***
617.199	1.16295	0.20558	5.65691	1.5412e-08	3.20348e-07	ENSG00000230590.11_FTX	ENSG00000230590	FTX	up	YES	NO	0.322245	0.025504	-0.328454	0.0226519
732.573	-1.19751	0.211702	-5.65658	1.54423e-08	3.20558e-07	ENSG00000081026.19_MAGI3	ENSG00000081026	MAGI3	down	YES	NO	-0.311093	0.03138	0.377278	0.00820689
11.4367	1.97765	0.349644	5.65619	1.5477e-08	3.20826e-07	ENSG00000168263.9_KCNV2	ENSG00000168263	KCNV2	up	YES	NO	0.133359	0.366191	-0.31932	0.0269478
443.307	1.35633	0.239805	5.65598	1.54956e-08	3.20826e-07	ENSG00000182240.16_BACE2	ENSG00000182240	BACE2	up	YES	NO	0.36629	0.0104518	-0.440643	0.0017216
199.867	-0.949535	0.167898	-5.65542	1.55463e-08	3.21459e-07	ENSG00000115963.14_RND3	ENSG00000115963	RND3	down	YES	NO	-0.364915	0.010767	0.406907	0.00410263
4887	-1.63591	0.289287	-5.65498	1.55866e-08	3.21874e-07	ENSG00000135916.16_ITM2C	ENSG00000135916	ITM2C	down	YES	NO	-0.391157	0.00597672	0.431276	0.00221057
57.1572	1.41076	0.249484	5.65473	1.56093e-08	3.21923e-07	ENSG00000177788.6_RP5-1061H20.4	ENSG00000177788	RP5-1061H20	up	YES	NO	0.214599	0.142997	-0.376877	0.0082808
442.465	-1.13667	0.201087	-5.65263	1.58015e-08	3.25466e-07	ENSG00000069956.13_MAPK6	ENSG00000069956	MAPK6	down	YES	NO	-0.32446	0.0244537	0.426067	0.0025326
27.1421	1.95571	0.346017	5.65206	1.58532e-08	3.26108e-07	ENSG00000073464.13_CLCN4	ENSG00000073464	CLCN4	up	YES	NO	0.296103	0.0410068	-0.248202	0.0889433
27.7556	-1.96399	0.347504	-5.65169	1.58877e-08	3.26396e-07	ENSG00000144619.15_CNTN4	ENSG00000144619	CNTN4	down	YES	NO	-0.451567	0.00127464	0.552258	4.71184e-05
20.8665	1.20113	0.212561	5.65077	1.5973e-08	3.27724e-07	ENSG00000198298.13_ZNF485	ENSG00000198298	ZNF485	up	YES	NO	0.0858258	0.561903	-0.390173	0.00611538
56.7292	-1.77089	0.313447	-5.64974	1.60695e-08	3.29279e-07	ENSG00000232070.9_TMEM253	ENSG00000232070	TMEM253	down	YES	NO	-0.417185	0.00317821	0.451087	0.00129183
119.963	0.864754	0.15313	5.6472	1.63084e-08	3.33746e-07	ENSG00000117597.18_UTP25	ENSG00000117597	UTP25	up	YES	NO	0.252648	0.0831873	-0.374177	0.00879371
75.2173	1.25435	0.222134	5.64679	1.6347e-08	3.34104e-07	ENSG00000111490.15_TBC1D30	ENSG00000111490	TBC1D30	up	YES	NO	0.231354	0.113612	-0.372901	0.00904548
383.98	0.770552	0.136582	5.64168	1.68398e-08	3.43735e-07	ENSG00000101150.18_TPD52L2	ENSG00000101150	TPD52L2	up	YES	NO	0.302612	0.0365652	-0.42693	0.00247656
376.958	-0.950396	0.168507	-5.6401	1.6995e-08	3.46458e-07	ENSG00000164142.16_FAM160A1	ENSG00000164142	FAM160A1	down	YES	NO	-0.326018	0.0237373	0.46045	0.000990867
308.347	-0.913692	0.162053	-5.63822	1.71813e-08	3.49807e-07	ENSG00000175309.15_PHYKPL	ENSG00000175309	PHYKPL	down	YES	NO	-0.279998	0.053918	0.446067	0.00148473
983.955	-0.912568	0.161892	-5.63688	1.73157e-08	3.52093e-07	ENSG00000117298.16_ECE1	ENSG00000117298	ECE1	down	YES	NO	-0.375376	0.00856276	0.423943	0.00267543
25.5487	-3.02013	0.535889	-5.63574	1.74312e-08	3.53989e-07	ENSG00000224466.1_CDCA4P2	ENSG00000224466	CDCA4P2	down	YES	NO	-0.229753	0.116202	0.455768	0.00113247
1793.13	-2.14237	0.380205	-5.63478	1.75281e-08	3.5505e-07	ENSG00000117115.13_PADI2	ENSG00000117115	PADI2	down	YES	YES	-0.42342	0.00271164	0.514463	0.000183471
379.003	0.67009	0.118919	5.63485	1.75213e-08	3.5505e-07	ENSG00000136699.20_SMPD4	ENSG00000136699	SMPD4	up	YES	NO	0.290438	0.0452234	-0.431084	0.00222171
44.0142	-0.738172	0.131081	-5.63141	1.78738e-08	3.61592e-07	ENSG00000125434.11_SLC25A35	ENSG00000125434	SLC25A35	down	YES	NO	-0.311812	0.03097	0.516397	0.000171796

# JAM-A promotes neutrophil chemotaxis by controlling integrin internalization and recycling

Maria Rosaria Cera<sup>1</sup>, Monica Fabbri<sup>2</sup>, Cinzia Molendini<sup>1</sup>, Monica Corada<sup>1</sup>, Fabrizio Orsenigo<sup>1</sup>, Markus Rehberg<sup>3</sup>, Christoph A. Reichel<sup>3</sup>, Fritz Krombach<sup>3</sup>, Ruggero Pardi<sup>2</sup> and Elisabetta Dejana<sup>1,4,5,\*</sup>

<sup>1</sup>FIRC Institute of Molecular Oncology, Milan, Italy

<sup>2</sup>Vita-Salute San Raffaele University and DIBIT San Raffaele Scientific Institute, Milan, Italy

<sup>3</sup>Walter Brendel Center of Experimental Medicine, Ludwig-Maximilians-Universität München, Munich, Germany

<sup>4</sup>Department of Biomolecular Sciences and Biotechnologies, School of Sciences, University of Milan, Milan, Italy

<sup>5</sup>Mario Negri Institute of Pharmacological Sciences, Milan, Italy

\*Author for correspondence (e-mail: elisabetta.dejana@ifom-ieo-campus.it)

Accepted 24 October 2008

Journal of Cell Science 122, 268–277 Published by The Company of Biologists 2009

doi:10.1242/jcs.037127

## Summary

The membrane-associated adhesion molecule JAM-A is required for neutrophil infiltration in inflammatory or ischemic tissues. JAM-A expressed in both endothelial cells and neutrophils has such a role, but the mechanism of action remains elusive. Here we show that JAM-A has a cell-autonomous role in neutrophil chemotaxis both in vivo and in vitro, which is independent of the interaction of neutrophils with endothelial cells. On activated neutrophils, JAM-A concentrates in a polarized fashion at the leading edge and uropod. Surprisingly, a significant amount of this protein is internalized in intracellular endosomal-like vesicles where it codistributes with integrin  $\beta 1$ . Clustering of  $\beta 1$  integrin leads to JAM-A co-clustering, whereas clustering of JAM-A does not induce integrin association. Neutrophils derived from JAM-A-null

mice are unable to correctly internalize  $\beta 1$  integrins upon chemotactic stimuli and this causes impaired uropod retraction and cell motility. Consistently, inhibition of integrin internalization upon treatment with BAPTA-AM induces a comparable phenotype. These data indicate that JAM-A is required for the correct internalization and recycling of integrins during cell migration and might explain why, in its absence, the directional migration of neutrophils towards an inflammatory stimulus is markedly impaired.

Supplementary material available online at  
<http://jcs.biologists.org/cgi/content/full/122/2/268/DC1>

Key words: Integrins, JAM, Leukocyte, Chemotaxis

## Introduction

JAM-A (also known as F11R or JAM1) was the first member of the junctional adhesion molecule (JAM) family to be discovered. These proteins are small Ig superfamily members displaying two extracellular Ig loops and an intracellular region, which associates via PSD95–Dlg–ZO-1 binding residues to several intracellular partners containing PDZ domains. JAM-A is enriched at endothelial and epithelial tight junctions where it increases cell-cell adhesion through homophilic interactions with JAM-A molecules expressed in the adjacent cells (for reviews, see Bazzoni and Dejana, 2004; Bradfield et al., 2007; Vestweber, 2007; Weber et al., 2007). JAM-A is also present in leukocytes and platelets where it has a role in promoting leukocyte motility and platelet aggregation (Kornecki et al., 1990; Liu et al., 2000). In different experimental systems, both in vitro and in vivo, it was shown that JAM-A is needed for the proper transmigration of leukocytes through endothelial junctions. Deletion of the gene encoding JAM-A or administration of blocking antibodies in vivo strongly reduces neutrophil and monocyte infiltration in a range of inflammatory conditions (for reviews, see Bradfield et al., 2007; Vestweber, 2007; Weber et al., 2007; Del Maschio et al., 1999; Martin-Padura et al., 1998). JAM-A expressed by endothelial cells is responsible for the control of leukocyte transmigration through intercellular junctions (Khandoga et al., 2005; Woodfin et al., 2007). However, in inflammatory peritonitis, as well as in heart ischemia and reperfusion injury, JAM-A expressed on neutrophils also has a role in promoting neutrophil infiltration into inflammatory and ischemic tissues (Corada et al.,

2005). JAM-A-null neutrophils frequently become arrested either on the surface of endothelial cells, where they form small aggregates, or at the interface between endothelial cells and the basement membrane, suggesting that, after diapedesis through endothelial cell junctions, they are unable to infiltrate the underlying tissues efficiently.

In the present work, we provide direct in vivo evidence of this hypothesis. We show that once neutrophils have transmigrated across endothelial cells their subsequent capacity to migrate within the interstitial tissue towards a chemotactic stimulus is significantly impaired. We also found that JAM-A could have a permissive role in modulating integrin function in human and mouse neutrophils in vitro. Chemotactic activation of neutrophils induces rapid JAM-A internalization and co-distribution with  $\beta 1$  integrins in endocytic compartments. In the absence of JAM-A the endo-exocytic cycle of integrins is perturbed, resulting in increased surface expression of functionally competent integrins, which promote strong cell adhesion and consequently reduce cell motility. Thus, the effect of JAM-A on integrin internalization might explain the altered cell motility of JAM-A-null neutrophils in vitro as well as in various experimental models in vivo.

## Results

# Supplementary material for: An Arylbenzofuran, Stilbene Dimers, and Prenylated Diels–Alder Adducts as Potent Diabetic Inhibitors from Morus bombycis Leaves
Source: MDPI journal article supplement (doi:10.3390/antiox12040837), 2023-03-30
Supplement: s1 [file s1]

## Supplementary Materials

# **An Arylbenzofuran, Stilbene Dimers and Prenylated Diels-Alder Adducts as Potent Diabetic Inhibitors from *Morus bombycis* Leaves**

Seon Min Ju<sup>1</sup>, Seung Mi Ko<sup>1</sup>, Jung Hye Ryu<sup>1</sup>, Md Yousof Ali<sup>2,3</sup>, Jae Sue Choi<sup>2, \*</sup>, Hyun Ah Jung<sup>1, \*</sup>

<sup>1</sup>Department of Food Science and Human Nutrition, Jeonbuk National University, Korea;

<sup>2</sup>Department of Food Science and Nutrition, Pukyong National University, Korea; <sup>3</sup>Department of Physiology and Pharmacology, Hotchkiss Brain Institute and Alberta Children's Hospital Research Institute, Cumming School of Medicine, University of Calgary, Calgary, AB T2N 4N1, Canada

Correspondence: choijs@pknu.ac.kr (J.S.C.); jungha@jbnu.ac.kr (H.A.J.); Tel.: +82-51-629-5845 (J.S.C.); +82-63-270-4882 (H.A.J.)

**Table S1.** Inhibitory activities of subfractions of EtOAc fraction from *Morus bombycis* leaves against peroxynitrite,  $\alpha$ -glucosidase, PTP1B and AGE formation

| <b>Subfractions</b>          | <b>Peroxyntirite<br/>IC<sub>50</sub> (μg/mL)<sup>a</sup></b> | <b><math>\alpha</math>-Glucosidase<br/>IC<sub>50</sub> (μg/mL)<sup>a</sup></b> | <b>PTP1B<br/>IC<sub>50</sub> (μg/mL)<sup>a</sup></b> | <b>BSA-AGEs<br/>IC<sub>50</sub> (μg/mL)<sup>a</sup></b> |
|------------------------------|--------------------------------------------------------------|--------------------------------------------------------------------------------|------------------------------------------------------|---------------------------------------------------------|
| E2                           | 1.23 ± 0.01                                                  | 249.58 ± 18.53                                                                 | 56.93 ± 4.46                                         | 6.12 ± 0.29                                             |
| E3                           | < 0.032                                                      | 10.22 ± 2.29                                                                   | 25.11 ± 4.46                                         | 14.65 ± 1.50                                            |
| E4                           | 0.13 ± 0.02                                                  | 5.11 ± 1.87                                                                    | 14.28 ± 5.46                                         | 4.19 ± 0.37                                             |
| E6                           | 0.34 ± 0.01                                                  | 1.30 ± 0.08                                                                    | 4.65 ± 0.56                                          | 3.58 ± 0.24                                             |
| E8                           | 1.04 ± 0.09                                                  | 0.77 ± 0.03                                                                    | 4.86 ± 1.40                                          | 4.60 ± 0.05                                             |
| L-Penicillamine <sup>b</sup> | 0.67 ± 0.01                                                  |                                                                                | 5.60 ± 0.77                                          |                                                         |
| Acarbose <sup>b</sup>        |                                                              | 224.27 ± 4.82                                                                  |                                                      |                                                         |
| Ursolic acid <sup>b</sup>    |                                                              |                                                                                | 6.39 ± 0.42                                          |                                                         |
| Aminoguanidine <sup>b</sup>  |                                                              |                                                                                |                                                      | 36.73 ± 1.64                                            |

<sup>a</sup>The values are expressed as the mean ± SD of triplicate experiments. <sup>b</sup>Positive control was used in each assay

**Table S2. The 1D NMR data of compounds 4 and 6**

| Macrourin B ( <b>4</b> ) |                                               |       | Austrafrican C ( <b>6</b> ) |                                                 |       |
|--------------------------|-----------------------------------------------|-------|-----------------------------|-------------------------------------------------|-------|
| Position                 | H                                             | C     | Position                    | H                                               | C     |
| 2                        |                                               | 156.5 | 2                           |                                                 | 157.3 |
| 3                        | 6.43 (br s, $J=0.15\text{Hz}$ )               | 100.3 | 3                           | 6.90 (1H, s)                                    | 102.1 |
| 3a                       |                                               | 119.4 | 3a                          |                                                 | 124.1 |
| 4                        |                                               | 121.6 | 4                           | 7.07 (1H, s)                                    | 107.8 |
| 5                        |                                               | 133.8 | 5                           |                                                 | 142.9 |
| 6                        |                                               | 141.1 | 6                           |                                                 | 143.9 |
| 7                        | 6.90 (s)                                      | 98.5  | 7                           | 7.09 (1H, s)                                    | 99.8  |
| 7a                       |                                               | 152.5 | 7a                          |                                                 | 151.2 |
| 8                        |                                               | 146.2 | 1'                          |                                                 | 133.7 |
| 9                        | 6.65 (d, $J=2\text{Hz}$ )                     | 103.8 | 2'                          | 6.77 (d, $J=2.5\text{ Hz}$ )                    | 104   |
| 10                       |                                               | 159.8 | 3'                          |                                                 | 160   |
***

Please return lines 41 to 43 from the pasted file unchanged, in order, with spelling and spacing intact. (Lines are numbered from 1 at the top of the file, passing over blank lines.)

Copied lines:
JAM-A (also known as F11R or JAM1) was the first member of the junctional adhesion molecule (JAM) family to be discovered. These proteins are small Ig superfamily members displaying two extracellular Ig loops and an intracellular region, which associates via PSD95–Dlg–ZO-1 binding residues to several intracellular partners containing PDZ domains. JAM-A is enriched at endothelial and epithelial tight junctions where it increases cell-cell adhesion through homophilic interactions with JAM-A molecules expressed in the adjacent cells (for reviews, see Bazzoni and Dejana, 2004; Bradfield et al., 2007; Vestweber, 2007; Weber et al., 2007). JAM-A is also present in leukocytes and platelets where it has a role in promoting leukocyte motility and platelet aggregation (Kornecki et al., 1990; Liu et al., 2000). In different experimental systems, both in vitro and in vivo, it was shown that JAM-A is needed for the proper transmigration of leukocytes through endothelial junctions. Deletion of the gene encoding JAM-A or administration of blocking antibodies in vivo strongly reduces neutrophil and monocyte infiltration in a range of inflammatory conditions (for reviews, see Bradfield et al., 2007; Vestweber, 2007; Weber et al., 2007; Del Maschio et al., 1999; Martin-Padura et al., 1998). JAM-A expressed by endothelial cells is responsible for the control of leukocyte transmigration through intercellular junctions (Khandoga et al., 2005; Woodfin et al., 2007). However, in inflammatory peritonitis, as well as in heart ischemia and reperfusion injury, JAM-A expressed on neutrophils also has a role in promoting neutrophil infiltration into inflammatory and ischemic tissues (Corada et al.,

2005). JAM-A-null neutrophils frequently become arrested either on the surface of endothelial cells, where they form small aggregates, or at the interface between endothelial cells and the basement membrane, suggesting that, after diapedesis through endothelial cell junctions, they are unable to infiltrate the underlying tissues efficiently.

In the present work, we provide direct in vivo evidence of this hypothesis. We show that once neutrophils have transmigrated across endothelial cells their subsequent capacity to migrate within the interstitial tissue towards a chemotactic stimulus is significantly impaired. We also found that JAM-A could have a permissive role in modulating integrin function in human and mouse neutrophils in vitro. Chemotactic activation of neutrophils induces rapid JAM-A internalization and co-distribution with  $\beta 1$  integrins in endocytic compartments. In the absence of JAM-A the endo-exocytic cycle of integrins is perturbed, resulting in increased surface expression of functionally competent integrins, which promote strong cell adhesion and consequently reduce cell motility. Thus, the effect of JAM-A on integrin internalization might explain the altered cell motility of JAM-A-null neutrophils in vitro as well as in various experimental models in vivo.